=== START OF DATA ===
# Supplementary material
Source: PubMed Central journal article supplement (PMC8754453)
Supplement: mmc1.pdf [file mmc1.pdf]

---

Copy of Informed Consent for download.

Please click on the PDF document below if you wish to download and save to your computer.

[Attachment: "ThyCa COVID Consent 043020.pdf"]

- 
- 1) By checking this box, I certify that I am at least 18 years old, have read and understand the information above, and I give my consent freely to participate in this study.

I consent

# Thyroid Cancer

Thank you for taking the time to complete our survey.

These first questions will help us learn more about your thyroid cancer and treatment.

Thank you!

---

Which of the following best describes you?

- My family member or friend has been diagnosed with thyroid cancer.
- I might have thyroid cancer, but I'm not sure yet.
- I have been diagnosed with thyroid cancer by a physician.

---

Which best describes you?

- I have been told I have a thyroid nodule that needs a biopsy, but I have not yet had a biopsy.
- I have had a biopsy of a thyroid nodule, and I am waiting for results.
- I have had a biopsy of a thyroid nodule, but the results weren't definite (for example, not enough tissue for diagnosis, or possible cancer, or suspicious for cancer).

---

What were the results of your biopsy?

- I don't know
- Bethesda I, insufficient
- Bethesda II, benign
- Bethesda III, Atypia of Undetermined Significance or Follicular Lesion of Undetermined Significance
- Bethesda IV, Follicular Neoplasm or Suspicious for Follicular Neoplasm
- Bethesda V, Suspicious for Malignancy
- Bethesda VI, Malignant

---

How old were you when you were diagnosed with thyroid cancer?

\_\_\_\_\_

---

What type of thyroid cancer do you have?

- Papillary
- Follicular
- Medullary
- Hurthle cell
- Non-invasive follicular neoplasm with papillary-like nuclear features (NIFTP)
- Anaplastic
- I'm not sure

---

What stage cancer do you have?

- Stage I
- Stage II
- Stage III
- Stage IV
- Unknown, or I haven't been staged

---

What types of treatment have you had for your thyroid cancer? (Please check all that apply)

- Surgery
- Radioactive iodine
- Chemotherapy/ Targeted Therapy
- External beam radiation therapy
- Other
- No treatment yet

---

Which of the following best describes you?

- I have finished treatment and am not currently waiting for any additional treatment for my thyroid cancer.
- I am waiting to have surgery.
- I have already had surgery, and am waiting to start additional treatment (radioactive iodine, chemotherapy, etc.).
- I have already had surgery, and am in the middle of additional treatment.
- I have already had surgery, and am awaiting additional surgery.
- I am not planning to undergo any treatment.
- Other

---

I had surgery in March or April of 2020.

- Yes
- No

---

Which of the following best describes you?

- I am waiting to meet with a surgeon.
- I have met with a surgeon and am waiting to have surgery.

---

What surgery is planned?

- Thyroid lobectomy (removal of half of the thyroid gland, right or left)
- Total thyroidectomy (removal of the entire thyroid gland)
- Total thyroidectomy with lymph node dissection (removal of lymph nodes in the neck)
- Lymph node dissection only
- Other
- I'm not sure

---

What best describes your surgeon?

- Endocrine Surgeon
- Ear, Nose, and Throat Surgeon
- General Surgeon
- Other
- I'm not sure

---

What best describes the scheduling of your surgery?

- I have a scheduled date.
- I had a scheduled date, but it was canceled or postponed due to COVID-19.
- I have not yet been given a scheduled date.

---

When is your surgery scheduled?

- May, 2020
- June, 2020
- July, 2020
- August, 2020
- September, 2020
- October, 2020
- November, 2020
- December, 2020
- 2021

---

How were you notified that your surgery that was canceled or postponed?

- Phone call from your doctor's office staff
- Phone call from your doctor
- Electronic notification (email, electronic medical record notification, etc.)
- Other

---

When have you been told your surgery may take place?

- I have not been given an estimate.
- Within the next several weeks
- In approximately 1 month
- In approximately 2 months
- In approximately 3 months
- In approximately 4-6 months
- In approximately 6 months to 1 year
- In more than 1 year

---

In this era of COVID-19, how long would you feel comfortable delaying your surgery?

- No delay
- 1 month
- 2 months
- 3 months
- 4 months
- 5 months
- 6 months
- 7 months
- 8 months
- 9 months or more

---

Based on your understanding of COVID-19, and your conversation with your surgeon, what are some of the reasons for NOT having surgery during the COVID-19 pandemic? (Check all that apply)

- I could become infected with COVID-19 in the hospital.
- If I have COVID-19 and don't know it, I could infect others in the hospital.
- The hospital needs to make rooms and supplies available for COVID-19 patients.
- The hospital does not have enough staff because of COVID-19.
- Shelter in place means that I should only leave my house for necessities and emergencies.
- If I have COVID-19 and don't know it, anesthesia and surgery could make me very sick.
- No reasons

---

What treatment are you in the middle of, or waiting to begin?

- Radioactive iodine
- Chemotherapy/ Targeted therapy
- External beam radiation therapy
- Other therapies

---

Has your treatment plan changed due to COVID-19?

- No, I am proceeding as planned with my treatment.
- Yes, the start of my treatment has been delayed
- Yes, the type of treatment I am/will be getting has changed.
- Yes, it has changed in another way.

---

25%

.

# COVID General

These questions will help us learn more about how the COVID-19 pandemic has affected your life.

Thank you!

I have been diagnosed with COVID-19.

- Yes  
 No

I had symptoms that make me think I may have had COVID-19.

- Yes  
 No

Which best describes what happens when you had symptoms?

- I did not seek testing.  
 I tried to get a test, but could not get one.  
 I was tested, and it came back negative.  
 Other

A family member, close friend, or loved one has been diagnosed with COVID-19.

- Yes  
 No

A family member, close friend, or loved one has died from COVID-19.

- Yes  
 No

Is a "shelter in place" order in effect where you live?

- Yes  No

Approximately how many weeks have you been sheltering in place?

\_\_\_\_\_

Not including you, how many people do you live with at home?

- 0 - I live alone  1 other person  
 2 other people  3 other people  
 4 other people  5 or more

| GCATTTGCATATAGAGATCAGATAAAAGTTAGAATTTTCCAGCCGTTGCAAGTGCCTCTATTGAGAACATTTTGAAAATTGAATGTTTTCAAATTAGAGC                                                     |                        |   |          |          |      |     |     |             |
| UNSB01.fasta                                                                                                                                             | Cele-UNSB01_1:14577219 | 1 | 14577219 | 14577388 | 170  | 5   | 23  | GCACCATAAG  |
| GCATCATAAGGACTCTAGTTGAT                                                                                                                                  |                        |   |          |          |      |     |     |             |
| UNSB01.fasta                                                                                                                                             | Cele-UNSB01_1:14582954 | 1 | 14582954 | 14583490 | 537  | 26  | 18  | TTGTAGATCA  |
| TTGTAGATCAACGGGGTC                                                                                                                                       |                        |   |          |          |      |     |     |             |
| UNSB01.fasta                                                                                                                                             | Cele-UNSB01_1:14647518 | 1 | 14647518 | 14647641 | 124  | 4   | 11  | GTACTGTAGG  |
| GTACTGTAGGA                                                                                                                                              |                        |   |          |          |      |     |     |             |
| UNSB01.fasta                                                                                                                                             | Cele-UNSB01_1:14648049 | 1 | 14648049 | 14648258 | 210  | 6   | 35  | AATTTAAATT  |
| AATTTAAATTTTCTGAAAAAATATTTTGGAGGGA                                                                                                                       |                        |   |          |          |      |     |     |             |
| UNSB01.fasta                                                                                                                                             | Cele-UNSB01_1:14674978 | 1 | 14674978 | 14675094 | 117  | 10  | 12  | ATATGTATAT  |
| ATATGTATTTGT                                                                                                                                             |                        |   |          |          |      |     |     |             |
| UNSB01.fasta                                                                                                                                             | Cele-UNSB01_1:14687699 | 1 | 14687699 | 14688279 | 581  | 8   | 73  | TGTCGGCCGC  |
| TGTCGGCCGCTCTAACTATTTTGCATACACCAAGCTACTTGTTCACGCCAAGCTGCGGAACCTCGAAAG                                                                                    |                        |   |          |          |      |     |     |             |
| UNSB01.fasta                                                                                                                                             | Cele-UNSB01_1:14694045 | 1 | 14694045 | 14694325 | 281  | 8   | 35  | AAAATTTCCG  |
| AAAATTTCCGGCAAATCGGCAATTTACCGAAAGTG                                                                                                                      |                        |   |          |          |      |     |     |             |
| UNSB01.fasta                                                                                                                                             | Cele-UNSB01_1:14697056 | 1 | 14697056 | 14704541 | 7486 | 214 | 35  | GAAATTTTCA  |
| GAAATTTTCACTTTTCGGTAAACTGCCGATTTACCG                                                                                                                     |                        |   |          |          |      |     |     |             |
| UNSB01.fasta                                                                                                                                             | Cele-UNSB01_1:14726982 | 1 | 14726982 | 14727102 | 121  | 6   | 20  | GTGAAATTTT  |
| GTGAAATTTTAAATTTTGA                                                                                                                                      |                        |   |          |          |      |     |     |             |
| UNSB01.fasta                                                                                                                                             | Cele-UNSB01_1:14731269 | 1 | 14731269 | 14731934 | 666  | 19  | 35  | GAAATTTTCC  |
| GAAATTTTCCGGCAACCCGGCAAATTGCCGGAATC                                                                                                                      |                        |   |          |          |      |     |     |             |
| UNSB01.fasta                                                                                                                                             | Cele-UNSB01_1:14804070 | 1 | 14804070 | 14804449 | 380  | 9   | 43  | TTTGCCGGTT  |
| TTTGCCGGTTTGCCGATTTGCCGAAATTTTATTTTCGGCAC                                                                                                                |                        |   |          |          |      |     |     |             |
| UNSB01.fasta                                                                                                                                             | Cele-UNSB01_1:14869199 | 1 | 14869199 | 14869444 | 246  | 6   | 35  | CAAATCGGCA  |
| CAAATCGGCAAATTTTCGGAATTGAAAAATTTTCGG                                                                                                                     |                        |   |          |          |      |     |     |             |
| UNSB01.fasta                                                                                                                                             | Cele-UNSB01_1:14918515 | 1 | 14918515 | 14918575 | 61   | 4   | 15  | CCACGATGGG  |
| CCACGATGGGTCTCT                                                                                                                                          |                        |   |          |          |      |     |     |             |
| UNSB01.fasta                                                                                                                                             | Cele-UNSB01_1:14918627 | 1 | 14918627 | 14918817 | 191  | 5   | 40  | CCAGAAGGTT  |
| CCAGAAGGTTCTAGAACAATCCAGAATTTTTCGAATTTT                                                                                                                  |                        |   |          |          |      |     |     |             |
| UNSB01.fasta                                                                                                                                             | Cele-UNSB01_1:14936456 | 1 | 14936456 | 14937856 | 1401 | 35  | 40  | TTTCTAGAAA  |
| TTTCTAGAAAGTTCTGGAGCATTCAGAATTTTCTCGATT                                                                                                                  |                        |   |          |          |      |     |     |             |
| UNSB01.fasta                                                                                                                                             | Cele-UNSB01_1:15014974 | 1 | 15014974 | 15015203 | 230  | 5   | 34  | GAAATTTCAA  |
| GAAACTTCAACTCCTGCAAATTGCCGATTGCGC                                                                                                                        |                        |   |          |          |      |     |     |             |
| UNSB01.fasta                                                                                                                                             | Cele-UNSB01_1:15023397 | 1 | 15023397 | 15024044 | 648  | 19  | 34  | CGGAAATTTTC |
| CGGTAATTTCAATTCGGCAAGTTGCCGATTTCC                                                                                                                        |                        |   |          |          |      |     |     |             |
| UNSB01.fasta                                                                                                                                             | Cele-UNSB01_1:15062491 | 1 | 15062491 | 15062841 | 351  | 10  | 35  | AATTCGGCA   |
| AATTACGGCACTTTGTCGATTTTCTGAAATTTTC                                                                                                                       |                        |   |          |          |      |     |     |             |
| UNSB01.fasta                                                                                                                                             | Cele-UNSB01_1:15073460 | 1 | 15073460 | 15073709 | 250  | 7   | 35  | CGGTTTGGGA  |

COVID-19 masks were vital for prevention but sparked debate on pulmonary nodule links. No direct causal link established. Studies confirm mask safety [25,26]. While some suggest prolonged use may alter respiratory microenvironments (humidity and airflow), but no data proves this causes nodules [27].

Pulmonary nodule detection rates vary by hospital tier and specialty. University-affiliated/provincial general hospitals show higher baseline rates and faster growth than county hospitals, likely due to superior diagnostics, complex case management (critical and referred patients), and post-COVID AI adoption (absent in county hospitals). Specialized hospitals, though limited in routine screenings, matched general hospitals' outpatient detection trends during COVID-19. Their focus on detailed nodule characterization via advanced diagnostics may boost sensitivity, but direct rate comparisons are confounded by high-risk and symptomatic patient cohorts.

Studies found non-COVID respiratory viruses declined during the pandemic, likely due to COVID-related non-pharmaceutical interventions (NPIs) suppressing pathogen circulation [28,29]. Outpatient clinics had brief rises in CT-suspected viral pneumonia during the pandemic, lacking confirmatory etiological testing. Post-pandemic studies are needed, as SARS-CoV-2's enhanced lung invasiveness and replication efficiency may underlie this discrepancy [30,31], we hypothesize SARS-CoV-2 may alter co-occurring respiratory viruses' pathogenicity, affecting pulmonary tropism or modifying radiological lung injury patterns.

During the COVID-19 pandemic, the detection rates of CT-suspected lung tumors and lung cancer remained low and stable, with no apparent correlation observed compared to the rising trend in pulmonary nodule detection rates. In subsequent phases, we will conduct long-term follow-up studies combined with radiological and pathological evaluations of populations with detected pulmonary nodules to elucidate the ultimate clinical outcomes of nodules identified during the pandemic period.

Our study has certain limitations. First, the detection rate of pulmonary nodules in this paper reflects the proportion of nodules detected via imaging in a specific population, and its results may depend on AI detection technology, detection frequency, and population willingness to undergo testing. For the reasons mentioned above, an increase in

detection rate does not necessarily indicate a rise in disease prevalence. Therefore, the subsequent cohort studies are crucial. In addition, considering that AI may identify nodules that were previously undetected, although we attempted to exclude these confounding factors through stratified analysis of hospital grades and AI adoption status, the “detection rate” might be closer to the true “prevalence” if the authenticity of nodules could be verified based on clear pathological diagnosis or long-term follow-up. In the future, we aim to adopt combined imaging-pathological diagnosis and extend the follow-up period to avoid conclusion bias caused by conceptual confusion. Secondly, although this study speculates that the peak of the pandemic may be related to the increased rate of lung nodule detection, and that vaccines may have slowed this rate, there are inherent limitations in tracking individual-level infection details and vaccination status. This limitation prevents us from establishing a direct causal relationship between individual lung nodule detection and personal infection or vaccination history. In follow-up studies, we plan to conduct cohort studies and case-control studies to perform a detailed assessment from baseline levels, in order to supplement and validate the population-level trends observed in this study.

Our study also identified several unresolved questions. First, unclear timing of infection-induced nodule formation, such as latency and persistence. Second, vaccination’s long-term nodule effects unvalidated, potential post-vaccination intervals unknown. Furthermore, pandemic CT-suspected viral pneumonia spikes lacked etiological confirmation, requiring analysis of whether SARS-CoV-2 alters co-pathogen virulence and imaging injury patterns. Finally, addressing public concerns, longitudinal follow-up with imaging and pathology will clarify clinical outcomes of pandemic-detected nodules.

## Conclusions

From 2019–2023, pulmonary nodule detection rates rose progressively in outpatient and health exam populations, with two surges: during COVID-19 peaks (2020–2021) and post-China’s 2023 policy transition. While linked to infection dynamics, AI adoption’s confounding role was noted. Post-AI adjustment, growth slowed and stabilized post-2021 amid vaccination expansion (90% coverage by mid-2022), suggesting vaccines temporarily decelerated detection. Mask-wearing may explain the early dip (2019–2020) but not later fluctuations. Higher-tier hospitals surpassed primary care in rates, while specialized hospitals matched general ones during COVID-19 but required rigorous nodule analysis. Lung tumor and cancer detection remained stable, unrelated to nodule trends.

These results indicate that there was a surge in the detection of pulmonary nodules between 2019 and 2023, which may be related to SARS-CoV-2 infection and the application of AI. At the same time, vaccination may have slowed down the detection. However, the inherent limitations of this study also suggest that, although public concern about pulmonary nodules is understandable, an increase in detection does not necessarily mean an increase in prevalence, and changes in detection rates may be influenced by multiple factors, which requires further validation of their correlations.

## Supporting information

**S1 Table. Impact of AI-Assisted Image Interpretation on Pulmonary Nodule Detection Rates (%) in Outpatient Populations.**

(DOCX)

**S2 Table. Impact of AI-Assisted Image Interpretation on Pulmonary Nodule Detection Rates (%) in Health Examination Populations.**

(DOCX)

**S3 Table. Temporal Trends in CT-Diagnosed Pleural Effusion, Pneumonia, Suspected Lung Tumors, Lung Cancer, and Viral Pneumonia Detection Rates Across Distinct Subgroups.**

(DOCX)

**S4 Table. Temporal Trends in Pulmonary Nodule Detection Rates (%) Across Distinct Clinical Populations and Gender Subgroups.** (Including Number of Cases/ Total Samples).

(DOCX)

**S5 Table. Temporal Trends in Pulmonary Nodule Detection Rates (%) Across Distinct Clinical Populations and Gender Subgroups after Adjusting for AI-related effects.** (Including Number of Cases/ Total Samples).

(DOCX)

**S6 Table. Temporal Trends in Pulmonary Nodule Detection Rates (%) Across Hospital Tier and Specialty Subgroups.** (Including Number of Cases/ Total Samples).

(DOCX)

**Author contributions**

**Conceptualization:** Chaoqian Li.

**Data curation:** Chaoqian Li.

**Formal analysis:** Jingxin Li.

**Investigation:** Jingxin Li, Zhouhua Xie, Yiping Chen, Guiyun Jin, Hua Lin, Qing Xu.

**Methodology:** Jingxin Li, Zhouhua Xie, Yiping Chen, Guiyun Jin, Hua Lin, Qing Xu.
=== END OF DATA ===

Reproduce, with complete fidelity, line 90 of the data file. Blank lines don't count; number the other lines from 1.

- General Surgeon